I'm cranky for several reasons today, the primary ones being that I am sick and that I just got back from vacation. So please excuse me if this comes off as overly cantankerous.
Alice Waters bugs the flipping crap out of me.
I've long thought that Waters, while well-intentioned, has completely ludicrous standards for local and organic ingredients. Nice for her to preach on and on about when and where and how we acquire our fruits and vegetable from her affluent, Northern Californian pedestal, but how are poor Midwesterners (even poor Texans, for that matter) supposed to acquire local organic avocados? Shrimp? Lemons? Probably we're supposed to do without and appreciate our own local fare, and also possibly eat half as much as we'd like in order to fit The Cause into our budget. Yawn, snore, ok Momma Alice. I'll do whatever you say and also I definitely did not shove that whole mess under my bed and I didn't feed the broccoli to the dog. Can I go play with my friends now?
What stirred me to write the tirade you are currently reading is two articles I came across today, both of which not only present Waters in a manner that apparently she is not at all embarrassed to perpetuate but also reveal a somewhat ridiculous bias on the part of the authors. First, this article about Waters' book tour/lecture stint in the Chicago. Here, Midwesterners are backwaters doofs who've never heard of Waters and don't have the good sense to turn out in droves to hear her speak. Midwesterners who see obstacles in Waters' theories, like, oh, say, winter, are ludicrously advised to "plan ahead. Can tomatoes, pickle vegetables, preserve fruit. Enjoy nuts, dried fruits and grains. Start a greenhouse. It's all possible." According to the article, Waters doesn't care that these fly-over state nutjobs don't know who she is as long as the quit their jobs every August to spend two months canning and shut down all those McDonald's things she keeps seeing. Didn't we used to have those in Berkeley? Ah, yes, that must've been back before '68. (I will send a copy of my cookbook to anyone who sends me a picture of a McDonald's in Berkeley.)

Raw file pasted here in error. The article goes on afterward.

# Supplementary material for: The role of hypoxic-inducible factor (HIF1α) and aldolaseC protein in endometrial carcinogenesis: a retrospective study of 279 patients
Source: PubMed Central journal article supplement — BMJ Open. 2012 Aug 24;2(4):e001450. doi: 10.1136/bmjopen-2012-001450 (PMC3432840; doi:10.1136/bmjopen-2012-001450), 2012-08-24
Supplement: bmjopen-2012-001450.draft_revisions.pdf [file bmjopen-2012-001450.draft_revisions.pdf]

Then, Adam Roberts at "The Amateur Gourmet," who I usually like quite a bit, writes up a piece on Waters on The View. Again, he was surprised that most people don't know who she is and also that Joy Behar would dare to make "irreverent" comments (Waters is someone we're supposed to revere? This point seems to be taken for granted in everything I've ever read about her that wasn't written by Jeremiah Towers.) about buying vegetables at budget grocery stores. The show made him realize "how far removed this whole food world is from the 'real world.'" This mirrors my problem with Waters, actually. People in "the food world" are seen as elitist pricks, fetishists who would insult their own grandmothers for not using Modena Balsamico instead of the crap you get at HEB. I've never understood this, mostly because I "grew up" in the culinary sense in Grinnell, Iowa, and while we had access to some amazing, amazing ingredients (Mariposa Herbs, I'm looking at you), it was never about snobbery because it couldn't be. It just couldn't. It surprises me that the gap between the food world and the real world shocked Roberts as much as it did because I always assumed "foodies" sheepishly clung to their fancy grocery stores in the name of their art. Apparently they weren't aware there was a problem to be sheepish about.
In the long run, Waters reminds me of a lot of the older women I grew up with in Madison, Wisconsin: aging hippies who don't know what to do with their money and don't know when to quit it and admit that they are privileged. Maybe that's why she bugs me. Maybe this ignorance of elitism amongst self-proclaimed foodies is what makes me shudder at the sound of the word, and what makes me doubt myself when I tell other, "more serious" academics what I want to study in grad school. There's no excuse for all of this. I know because I lived the poor, temperate-climed gourmet life and I've seen others do it too, with skill and panache, even. Alice Waters? Please, please admit that people and also your theories have limitations. Please laugh and smile at jokes. You wonder at how slow your crusade is proceeding in middle America? Maybe it's because your theories don't work here, your minions insult us, and you come across as cold and unyielding.
Just a thought.